Fifteen healthy volunteers from the local student/staff community (7 male, 8 female, age 26 ± 1 years) with normal or corrected-to-normal vision and no prior history of neurological or psychiatric diseases performed a 3-day neurofeedback training experiment29. The present study data sample is based on previously unpublished resting-state data from the published positive-social emotion regulation neurofeedback study29. The sample size of this preliminary study was selected based on the practical considerations, such as availability of scanner time and funding. Healthy participants were assigned sequentially to experimental (4 males, 5 females, 26 ± 5 years) and control (3 males, 3 females, 25.7 ± 2.9 years) groups, which allowed us to derive control (sham) feedback values based on values of the best performing participants in the experimental group. Experimental participants successfully acquired the positive-social emotion regulation through neurofeedback as compared to control participants29. Participants gave written informed consent to participate in the experiment, all methods used in this study were performed in accordance with the relevant guidelines and regulations of the University Hospital of Geneva, all experimental procedures used in this study were approved by the Ethics Committee of the University Hospital of Geneva. At the beginning of the experiment, participants were provided with written instructions describing experimental procedures, which stated that they would be asked to control the emotion regulation networks using induction of positive-social emotions. Behavioral testing included psychological questionnaires before the experiment and rating positive-social stimuli for valence and arousal before and after the experiment using the self-assessment manikin (SAM) scale (for details on experimental design and analyses, see the Supplementary Information).
Resting-state fMRI runs
To test whether learning positive-social emotion regulation using DCM connectivity-based neurofeedback led to specific changes in resting-state spontaneous activity, conventional eyes-closed resting-state fMRI runs (6.1 min run duration) were acquired prior to neurofeedback training and after each training session (Fig. 1A). During resting-state runs participants were instructed to let their minds wander and avoid specific thinking and falling asleep, which was verified during debriefing. Whole-brain fMRI scans for resting-state runs were acquired with a multi-band gradient-echo T2*-weighted EPI sequence (333 scans, TR = 1100 ms, TE = 30 ms, 45 slices with 25% distance factor, 120 × 120 matrix, 1.8 mm3 voxels, flip angle α = 70°, bandwidth = 1.49 kHz/pixel, TE = 30 ms, multi-band acceleration factor = 3, GRAPPA with iPAT = 3) (for details on MRI data acquisition, see the Supplementary Information).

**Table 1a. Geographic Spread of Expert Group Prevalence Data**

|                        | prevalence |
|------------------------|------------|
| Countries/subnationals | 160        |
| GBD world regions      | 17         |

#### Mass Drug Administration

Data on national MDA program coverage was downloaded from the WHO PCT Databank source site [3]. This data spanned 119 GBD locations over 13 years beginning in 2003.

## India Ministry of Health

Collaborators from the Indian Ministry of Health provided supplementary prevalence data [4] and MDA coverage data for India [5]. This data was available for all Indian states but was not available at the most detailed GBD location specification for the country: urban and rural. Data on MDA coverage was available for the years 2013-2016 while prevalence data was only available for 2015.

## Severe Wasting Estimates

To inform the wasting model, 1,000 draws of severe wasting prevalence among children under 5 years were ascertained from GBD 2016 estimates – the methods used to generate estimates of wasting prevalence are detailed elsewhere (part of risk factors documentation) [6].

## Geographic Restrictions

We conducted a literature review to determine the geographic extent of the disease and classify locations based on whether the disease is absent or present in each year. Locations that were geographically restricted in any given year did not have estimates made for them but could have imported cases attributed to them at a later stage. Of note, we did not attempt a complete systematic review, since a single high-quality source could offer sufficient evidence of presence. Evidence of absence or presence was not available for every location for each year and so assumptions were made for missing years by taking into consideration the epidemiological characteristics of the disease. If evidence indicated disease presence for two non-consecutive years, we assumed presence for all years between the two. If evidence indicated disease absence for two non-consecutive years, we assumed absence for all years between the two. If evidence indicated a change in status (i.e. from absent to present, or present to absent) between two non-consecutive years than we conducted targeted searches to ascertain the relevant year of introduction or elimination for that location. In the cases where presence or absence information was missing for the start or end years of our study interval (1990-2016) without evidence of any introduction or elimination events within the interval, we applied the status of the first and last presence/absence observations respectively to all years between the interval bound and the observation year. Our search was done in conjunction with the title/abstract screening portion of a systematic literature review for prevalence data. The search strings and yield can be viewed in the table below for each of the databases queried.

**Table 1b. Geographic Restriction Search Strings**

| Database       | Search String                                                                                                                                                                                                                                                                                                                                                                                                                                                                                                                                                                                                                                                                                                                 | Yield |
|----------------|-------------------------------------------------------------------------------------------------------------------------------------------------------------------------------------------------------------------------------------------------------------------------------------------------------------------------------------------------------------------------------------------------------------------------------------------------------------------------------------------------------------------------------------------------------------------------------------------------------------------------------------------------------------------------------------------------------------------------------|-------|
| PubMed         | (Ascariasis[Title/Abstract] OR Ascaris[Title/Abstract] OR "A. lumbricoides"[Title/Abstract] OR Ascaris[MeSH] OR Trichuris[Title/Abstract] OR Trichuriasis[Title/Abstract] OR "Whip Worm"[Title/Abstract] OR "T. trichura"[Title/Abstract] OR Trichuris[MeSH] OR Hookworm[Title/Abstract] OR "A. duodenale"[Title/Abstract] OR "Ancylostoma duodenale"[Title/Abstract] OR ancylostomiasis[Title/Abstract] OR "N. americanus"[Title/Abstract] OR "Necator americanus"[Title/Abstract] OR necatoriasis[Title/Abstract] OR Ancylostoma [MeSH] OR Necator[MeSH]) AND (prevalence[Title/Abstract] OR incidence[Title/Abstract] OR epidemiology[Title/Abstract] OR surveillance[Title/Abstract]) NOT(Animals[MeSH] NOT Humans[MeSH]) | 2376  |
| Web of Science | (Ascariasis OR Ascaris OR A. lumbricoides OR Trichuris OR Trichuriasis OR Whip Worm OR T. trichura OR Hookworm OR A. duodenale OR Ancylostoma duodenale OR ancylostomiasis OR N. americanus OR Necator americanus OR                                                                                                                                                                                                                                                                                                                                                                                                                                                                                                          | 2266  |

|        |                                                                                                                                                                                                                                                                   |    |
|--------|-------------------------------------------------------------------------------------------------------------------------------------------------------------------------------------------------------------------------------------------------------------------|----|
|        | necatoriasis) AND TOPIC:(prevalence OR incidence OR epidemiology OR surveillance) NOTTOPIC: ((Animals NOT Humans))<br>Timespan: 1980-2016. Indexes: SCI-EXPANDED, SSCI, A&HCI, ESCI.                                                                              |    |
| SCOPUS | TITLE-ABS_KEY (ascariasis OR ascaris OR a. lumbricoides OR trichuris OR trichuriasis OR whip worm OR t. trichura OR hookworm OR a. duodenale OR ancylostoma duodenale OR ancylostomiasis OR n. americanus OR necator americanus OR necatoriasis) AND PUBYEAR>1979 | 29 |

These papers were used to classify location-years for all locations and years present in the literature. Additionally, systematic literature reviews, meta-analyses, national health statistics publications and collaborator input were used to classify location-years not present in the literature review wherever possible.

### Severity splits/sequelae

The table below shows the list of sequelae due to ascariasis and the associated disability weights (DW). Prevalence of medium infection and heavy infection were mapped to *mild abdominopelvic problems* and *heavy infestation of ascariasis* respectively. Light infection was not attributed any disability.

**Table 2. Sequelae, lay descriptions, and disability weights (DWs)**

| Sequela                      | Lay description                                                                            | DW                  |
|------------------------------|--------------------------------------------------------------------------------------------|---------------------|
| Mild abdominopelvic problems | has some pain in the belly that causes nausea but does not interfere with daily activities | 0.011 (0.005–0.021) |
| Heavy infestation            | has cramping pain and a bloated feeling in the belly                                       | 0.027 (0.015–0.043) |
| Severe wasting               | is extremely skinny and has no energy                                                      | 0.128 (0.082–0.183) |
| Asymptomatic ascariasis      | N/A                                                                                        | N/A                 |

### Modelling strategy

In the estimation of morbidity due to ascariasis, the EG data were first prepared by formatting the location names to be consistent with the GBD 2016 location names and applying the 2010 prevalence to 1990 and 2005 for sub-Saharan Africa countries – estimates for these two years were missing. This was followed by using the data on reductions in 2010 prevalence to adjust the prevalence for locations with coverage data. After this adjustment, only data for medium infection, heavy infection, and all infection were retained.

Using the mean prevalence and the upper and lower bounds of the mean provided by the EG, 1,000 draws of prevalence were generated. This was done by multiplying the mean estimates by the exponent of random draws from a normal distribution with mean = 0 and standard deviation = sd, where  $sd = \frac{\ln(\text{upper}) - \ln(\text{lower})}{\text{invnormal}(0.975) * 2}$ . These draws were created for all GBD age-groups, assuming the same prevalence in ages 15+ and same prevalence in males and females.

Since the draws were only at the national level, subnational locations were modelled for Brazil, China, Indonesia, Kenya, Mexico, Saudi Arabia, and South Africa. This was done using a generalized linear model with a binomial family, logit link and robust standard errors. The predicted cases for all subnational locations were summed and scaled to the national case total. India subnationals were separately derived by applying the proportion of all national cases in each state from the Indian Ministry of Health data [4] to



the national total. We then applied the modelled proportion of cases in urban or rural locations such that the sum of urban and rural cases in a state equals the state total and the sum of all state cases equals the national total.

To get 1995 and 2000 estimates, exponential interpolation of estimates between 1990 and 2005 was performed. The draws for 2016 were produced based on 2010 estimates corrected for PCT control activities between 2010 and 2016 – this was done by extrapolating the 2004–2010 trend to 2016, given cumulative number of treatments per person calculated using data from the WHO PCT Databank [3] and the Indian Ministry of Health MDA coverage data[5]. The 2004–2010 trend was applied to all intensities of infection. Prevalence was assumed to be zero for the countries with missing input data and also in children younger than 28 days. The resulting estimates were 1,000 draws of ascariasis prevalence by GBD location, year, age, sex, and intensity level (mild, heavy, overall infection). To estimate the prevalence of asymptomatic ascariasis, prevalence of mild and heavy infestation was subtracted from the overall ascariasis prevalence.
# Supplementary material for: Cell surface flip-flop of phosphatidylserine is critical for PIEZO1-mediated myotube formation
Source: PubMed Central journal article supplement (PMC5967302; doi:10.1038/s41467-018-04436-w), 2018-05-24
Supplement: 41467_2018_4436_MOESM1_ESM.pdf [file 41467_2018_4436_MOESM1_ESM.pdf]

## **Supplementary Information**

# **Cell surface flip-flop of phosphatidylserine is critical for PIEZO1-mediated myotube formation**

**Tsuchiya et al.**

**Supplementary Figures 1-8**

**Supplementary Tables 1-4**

fMRI data preprocessing
Resting-state fMRI data were preprocessed using SPM12 (FIL, Wellcome Trust Centre for Human Neuroimaging, UCL, London, UK) and in-house MATLAB scripts. The first 10 volumes were discarded to account for T1 saturation effects. The fMRI data preprocessing included realignment to the mean scan of each fMRI run, coregistration to the standard MNI structural template using DARTEL81, correction for geometric distortions82,83,84 and smoothing with 8 mm full-width-at-half-maximum (FWHM). Isotropic 1.8 mm3 fMRI scans were downsampled to isotropic 3 mm3 images to facilitate the computationally intensive eigenvector centrality mapping while keeping data preprocessing identical for all applied analyses. Physiological noise of fMRI runs was reduced by regressing out nuisance signals voxel-wise and band-pass filtering in the 0.008–0.15 Hz range. We regressed out the average and first principal component of white matter (WM) and cerebrospinal fluid (CSF) signals, the first-order polynomial trend, as well as 6 head motion parameters, derivatives for head motion parameters and scans with excessive motion (i.e., with framewise displacement > 0.9). Framewise displacement across scans was estimated as the combined difference of head motion displacements between subsequent scans85. The moderate low-pass frequency was set to 0.15 Hz, because of preceding neurofeedback training with relatively short regulation and baseline blocks (12 s). The preprocessing and analysis details associated with the neurofeedback training and transfer runs have been published before29.
Neurofeedback task-related and resting-state effective connectivity by DCM
To provide the effective connectivity-based neurofeedback, two DCM model alternatives were compared in real-time, namely, top-down network model (from dmPFC onto bilateral amygdala) versus a bottom-up one (from bilateral amygdala onto dmPFC) using task-related bilinear DCM and Bayesian model comparison29. Such a comparison was expressed in terms of the logarithmic Bayes factor and allows to test which model architecture explains the acquired real-time time-series best, i.e., dominates. In our previous publication the experimental and sham groups were found to be significantly different in terms of the applied neurofeedback task-related effective connectivity estimates and concomitant learning effects.